FUKUOKA – This year’s Fukuoka Asian Culture Prize winners have suggested that, given time, the changing face of culture could make the world a more harmonious place.
Indonesian author Pramoedya Ananta Toer, recipient of the grand prize in the 11th Fukuoka Asian Culture Prizes, said Thursday that Asian politicians appear to be considered illogical, while their Western counterparts are often seen to be more calculating and logical.
“There are many differences in modern Western and Asian cultures, but in centuries to come, perhaps these differences will disappear both in the political arena and in other fields,” Pramoedya said.
The 75-year-old writer, whose works address the issue of national independence as well as the emancipation of mankind, said he hopes that one day everyone around the globe will be able to live in equality and under a democracy.
Pramoedya’s views were echoed by the three other Fukuoka award-winners.
Myanmar historian Than Tun, winner of the academic prize, explained how his country has tried to incorporate outside influences — including Buddhism and elements of modern Western cultures — into its own culture.
“People are always trying to adopt new cultures, but they are also trying to preserve their own identity,” said Than Tun, 77, professor emeritus at the University of Yangon.
He said there is a feeling of ambivalence created whenever new cultural elements are introduced into a society because, while people in the host country may not be completely happy with every aspect of the new culture, they may still regard it as a “higher way of life.”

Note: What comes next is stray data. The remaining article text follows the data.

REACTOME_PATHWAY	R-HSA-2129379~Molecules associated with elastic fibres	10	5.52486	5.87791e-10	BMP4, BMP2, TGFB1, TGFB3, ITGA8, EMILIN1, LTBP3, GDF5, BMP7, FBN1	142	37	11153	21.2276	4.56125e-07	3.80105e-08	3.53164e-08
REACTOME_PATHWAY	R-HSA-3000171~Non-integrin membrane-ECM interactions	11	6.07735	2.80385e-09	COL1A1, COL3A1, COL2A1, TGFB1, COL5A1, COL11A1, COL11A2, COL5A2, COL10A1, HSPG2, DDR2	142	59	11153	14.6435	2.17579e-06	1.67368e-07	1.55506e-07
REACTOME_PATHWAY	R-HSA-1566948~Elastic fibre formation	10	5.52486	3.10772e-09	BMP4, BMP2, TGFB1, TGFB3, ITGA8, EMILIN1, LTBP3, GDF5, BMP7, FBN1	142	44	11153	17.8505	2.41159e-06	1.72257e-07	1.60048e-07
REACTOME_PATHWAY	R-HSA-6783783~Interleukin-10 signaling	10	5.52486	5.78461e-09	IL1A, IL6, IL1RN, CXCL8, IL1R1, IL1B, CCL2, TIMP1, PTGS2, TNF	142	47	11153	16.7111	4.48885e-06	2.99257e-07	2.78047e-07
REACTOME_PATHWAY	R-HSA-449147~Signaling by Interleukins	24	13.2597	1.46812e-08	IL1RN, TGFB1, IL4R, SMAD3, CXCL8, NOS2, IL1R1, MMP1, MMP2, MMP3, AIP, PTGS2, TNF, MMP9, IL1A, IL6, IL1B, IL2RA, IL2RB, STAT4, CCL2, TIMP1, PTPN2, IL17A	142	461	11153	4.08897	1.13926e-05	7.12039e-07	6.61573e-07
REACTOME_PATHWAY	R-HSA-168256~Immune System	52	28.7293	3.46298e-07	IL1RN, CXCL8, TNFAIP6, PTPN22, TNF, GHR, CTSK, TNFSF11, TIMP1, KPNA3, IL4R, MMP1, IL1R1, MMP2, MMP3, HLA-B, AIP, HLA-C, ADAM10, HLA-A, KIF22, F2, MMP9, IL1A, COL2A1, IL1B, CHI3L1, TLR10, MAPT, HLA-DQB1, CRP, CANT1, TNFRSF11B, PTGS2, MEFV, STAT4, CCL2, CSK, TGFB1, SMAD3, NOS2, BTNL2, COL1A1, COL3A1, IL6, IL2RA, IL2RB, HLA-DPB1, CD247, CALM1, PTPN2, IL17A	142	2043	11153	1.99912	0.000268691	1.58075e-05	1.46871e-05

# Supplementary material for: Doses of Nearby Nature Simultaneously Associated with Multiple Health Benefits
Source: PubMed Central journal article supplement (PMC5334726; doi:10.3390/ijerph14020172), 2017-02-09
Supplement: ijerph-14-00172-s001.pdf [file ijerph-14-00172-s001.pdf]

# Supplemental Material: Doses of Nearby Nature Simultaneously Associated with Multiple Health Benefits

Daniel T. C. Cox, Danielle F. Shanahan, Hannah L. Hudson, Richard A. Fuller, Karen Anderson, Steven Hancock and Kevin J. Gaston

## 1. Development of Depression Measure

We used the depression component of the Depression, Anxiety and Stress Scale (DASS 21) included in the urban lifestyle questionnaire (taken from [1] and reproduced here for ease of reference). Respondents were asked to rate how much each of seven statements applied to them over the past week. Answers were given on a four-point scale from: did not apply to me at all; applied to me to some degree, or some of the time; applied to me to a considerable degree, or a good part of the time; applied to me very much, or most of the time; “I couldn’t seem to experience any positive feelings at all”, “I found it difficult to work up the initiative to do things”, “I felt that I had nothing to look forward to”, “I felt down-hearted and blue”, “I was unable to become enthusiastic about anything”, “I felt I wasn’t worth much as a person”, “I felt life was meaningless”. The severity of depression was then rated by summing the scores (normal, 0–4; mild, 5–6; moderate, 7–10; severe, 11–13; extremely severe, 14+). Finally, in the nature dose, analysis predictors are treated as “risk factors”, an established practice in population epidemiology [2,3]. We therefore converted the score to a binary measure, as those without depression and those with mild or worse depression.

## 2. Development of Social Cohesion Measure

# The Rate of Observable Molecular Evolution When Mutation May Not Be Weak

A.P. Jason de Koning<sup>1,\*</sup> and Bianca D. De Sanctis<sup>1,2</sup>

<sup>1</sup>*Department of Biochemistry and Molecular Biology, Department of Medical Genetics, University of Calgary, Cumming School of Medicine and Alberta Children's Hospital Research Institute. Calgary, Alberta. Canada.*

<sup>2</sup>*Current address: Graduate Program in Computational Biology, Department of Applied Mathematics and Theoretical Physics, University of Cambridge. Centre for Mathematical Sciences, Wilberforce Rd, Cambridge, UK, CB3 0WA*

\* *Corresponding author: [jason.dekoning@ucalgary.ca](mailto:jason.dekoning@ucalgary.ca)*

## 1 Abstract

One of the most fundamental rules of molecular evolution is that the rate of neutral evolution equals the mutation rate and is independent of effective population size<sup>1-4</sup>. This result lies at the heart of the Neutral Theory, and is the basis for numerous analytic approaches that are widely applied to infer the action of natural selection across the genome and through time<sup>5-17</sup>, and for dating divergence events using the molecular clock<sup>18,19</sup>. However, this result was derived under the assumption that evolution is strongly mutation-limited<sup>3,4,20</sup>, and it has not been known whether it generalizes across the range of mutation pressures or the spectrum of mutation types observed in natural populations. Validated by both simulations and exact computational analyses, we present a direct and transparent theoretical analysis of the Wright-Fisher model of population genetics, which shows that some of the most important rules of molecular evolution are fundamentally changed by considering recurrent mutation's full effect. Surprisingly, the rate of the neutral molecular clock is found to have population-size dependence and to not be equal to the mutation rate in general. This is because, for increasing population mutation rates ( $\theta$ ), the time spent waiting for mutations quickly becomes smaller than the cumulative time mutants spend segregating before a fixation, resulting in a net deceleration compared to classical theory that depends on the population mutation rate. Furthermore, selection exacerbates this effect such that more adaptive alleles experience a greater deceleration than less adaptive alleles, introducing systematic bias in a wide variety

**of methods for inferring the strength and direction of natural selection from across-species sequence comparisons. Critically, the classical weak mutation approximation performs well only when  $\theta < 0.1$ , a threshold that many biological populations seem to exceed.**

Political scientist Benedict Anderson of Ireland, who will also be presented with the academic prize, touched on the issue of information technology, saying there is a digital divide not only across regions but also across generations.
“I grew up at a time when computers did not exist, and I feel a big gulf with young people whose living conditions are now so different to those I experienced,” the 64-year-old Cornell University professor said.
He said computers offer users the chance to communicate easily with people in other parts of the world and allow them to “overcome national narrow-mindedness,” but warned that their proliferation also encourages superficiality as young people are reading fewer books as a result.
Hamzah Awang Amat, a performing artist from Malaysia and recipient of the arts and culture prize, emphasized the importance of preserving traditional cultures and said national leaders are responsible for protecting their countries’ own identities.
The four recipients are scheduled to take part in the prize presentation ceremony Monday as well as individual and group forums over the weekend.
They will also visit local schools during their stay in the city.
The Fukuoka Asian Culture Prizes were established in 1990 to recognize and honor the outstanding efforts of individuals or organizations to preserve and create diverse cultures in Asia.
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